Updated: Mar 30
Today my piece is inspired by my trip to have my tire winter tires swapped off. It was common in the late 90s for the mass retail investor to be not just participating in the picking and timing of individual, mostly at that time tech stocks, but also being very excited about it. That leads me to what the basis for this pieces is emotional decision making.
This is a graphic that's fairly common, but it talks about the different stages of emotions relative to investments or I guess financial markets as a whole, and it suggests that you know, people go through these different stages, optimism, enthusiasm, exuberance, euphoria, and this leads to a comfort to buy, invest, I think behaviorally or emotionally there can be greed elements here, and then also the fear of missing out. "Wow, that stock went up a whole lot yesterday, I have to participate, or I might miss out on what it might do tomorrow." Those behaviors are not likely to be to lead to successful outcomes.
You know, what ultimately happens with investments, they exaggerate upward movements and exaggerate downward movements. And so that very same investor who liked the stock that did really well yesterday buys for whatever emotional based reason, that stuff starts to decline. You know, the first feeling is anxiety. The second is denial. You know, this move is only temporary downturn, minute for the long run, you know, that's kind of the misappropriation of smart investing. Well, that concept of, "I'm in it for the long run," really is, you know, again, it's a misappropriation when applied to an investor who has gotten involved in investments for the wrong and largely emotional reasonings.
And so the cycle continues fear, despair, panic, capitulation, discouragement, markets can stay irrational, both positively and negatively, far longer than investors expect. And so what then happens is the time when they felt most comfortable and buying was likely the very worst time to be buying, and then the time that's probably the very best for them to be buying is likely the time where the are the most fearful and most likely to actually be selling. This is a a common thing that happens for many investors. And I believe that the key to avoid this is to have an investment plan based on a diversified portfolio that is repeatable.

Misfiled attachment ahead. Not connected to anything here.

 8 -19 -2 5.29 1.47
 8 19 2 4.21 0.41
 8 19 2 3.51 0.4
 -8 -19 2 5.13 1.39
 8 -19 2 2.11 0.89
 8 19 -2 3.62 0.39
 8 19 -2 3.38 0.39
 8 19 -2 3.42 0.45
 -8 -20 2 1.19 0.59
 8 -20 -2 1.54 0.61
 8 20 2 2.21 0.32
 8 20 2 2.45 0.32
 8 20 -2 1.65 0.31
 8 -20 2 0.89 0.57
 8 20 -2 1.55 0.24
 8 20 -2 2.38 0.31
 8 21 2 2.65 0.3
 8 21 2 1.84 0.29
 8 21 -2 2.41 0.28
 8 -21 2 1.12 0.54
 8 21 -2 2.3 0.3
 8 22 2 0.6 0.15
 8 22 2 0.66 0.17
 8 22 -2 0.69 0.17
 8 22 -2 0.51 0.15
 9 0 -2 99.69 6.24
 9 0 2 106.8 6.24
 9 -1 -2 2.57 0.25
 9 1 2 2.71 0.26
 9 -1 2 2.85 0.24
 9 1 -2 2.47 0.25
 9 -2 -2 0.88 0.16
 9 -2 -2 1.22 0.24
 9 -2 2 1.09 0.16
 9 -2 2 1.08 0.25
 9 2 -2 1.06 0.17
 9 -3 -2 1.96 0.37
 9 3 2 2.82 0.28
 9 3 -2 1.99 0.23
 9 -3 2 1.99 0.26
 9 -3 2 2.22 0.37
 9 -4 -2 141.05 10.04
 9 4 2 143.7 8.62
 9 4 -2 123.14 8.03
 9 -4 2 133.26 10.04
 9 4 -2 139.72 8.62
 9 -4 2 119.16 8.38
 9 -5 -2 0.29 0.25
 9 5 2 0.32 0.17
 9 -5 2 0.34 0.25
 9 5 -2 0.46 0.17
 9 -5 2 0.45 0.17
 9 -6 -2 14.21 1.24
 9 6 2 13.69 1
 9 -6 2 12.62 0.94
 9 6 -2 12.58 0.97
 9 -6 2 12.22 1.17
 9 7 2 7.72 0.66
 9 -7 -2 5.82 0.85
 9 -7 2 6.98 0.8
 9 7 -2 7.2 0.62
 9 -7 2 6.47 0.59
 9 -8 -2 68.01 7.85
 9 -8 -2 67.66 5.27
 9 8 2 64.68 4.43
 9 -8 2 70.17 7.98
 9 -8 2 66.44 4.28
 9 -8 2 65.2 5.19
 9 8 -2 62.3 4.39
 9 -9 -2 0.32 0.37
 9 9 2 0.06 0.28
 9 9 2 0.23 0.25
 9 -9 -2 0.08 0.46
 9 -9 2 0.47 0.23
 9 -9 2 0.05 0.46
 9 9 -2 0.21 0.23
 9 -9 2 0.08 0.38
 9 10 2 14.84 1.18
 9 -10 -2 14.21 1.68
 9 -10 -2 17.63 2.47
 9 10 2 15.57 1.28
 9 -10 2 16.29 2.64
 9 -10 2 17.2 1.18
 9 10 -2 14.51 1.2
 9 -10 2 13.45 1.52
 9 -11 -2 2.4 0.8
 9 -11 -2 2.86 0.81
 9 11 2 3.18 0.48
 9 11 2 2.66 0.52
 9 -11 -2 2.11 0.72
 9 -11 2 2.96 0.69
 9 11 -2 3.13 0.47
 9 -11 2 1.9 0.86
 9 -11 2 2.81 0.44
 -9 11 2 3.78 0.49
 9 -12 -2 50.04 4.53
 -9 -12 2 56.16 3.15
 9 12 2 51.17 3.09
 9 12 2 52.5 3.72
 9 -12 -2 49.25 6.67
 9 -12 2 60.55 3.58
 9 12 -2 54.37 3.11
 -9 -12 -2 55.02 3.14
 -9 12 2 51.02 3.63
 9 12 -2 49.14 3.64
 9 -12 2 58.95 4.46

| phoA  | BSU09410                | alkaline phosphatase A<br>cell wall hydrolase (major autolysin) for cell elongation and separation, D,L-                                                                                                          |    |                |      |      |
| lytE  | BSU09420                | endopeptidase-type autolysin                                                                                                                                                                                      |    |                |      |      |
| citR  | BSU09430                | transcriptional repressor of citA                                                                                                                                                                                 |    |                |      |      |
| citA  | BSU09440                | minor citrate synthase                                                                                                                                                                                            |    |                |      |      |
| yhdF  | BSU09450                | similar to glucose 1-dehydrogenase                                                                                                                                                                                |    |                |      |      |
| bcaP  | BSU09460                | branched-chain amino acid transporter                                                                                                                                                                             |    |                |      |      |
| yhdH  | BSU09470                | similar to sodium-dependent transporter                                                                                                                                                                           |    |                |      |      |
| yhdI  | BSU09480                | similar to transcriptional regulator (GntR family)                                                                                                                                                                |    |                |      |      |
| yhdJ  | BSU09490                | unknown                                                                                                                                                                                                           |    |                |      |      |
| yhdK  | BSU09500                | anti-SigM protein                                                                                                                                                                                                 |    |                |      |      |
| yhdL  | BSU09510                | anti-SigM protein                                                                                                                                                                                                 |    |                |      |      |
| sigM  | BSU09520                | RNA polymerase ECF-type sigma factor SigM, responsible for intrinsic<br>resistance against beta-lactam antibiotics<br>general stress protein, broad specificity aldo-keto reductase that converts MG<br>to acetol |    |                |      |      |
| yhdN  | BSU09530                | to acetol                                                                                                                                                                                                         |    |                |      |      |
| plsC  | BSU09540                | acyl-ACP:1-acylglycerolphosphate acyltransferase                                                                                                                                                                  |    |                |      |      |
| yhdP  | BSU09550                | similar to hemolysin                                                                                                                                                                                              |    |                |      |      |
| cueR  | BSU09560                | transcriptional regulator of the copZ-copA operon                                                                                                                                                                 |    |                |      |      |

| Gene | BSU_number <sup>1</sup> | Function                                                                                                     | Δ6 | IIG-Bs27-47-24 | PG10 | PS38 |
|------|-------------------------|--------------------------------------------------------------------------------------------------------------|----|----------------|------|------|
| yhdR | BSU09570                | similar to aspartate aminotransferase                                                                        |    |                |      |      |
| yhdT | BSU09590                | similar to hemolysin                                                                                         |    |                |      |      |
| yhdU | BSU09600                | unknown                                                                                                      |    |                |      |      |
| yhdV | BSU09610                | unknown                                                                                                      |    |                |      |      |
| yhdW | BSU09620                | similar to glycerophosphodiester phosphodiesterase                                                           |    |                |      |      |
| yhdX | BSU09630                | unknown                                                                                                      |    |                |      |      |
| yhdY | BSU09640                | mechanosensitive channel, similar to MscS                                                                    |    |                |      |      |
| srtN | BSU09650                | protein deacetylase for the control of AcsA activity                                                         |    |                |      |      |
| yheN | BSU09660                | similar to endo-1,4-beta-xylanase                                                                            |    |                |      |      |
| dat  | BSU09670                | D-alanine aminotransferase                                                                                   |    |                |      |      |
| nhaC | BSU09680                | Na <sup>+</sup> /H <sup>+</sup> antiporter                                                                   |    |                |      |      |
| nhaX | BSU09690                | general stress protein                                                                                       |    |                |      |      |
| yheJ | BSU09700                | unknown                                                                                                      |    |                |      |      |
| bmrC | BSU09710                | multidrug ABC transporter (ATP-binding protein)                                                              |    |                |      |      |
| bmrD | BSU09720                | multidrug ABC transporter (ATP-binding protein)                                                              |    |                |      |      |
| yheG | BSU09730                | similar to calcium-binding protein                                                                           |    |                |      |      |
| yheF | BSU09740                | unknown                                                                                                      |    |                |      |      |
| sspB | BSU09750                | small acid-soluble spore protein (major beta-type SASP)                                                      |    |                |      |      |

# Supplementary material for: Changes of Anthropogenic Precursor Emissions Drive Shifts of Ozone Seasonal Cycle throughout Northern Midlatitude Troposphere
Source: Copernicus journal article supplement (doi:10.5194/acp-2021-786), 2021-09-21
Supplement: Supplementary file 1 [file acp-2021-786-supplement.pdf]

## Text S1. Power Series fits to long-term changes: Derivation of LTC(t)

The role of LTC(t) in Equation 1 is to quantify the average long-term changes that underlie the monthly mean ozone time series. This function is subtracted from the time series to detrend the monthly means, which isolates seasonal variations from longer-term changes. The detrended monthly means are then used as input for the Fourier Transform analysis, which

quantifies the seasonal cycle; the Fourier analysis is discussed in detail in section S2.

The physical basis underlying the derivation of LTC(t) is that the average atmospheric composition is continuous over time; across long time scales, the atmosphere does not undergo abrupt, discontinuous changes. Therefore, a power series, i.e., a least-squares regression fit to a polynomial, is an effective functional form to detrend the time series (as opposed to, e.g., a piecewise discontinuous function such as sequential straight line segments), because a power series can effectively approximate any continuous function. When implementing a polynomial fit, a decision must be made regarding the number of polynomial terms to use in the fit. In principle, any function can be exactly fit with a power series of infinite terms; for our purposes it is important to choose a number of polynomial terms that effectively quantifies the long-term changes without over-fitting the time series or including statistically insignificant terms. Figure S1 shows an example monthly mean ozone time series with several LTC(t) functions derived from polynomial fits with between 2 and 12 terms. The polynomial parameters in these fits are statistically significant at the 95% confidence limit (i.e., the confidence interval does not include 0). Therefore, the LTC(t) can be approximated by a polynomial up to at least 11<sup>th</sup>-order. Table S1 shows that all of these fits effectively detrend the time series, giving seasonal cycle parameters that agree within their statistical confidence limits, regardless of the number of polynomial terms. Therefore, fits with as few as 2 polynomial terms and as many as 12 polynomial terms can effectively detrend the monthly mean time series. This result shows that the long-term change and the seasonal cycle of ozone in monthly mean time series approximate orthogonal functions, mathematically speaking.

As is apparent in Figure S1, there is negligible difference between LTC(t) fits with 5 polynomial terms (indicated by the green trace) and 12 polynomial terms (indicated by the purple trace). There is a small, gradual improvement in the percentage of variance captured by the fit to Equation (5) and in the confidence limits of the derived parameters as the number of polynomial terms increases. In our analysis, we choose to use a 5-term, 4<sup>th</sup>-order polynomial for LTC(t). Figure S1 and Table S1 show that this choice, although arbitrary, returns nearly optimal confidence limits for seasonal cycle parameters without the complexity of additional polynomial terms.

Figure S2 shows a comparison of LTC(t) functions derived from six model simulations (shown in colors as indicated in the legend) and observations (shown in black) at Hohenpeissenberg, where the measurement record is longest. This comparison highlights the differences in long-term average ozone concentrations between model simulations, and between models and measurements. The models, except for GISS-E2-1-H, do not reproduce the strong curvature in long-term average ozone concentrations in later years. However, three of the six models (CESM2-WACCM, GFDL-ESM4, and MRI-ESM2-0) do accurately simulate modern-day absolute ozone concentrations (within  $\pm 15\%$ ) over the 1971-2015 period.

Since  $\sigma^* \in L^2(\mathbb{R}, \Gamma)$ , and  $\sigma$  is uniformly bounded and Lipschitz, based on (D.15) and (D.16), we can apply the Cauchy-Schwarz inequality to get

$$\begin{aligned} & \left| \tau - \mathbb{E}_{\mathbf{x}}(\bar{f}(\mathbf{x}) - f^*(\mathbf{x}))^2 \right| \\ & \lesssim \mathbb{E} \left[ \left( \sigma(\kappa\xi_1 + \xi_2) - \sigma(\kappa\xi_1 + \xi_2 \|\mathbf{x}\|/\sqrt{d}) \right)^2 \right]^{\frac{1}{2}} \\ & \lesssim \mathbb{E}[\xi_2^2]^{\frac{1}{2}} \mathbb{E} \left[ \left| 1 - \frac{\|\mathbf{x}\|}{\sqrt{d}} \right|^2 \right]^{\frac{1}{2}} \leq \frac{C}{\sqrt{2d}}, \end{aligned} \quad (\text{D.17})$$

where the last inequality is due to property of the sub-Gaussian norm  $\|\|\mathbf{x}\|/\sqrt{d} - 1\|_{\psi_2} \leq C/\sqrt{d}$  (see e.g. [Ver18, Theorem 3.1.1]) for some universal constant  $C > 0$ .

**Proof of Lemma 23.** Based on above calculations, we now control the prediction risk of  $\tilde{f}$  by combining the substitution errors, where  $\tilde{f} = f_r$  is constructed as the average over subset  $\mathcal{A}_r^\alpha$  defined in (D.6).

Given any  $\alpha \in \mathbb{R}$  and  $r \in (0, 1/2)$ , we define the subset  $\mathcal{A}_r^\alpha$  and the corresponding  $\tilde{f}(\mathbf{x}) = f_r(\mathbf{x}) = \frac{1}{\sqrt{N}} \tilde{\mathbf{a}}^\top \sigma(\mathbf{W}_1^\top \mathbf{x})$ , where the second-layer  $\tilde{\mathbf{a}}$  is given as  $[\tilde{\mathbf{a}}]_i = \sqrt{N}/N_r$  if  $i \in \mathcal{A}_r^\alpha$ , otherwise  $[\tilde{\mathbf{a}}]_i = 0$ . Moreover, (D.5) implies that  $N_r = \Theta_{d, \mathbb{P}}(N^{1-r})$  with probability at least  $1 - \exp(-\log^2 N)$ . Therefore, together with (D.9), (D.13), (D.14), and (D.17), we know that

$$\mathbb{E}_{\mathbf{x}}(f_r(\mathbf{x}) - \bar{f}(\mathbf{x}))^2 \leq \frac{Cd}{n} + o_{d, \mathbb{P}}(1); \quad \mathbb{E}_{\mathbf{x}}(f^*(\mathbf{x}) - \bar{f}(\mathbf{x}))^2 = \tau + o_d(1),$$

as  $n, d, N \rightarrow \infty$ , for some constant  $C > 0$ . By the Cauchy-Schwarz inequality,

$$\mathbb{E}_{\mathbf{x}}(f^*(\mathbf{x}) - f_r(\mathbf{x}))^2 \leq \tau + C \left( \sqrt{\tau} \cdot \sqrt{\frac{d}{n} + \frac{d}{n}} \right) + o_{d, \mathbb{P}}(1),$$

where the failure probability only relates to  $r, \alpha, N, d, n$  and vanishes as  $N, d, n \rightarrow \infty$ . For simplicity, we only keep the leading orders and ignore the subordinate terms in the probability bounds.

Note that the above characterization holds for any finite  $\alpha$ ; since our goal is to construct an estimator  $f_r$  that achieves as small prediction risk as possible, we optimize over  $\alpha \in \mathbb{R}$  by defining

About WealthFactor: A Lake Oswego based investment adviser and wealth manager serving local high net worth and ultra-high net worth investors. Founded on the idea that high fees force unnecessary risks when providing investment advice. By leveraging the investment methodologies of the largest passive and rules-based asset managers, WealthFactor seeks to pass on the benefits that efficiency provides through financial technology on to its clients. WealthFactor offers custom investment advice services conveniently through separately managed accounts in each investor’s name. For more information visit www.wealth-factor.com.
About Bill Woodruff: WealthFactor’s founder has been investing in publicly traded financial markets for over 20 years. His career includes founding an alternative investment manager, launching and managing a mutual fund and serving as a managing director of a publicly traded investment manager. With over a decade of experience serving high net worth investors Bill skillsets uniquely blend an understanding of investor needs with an extensive background in financial markets and investing.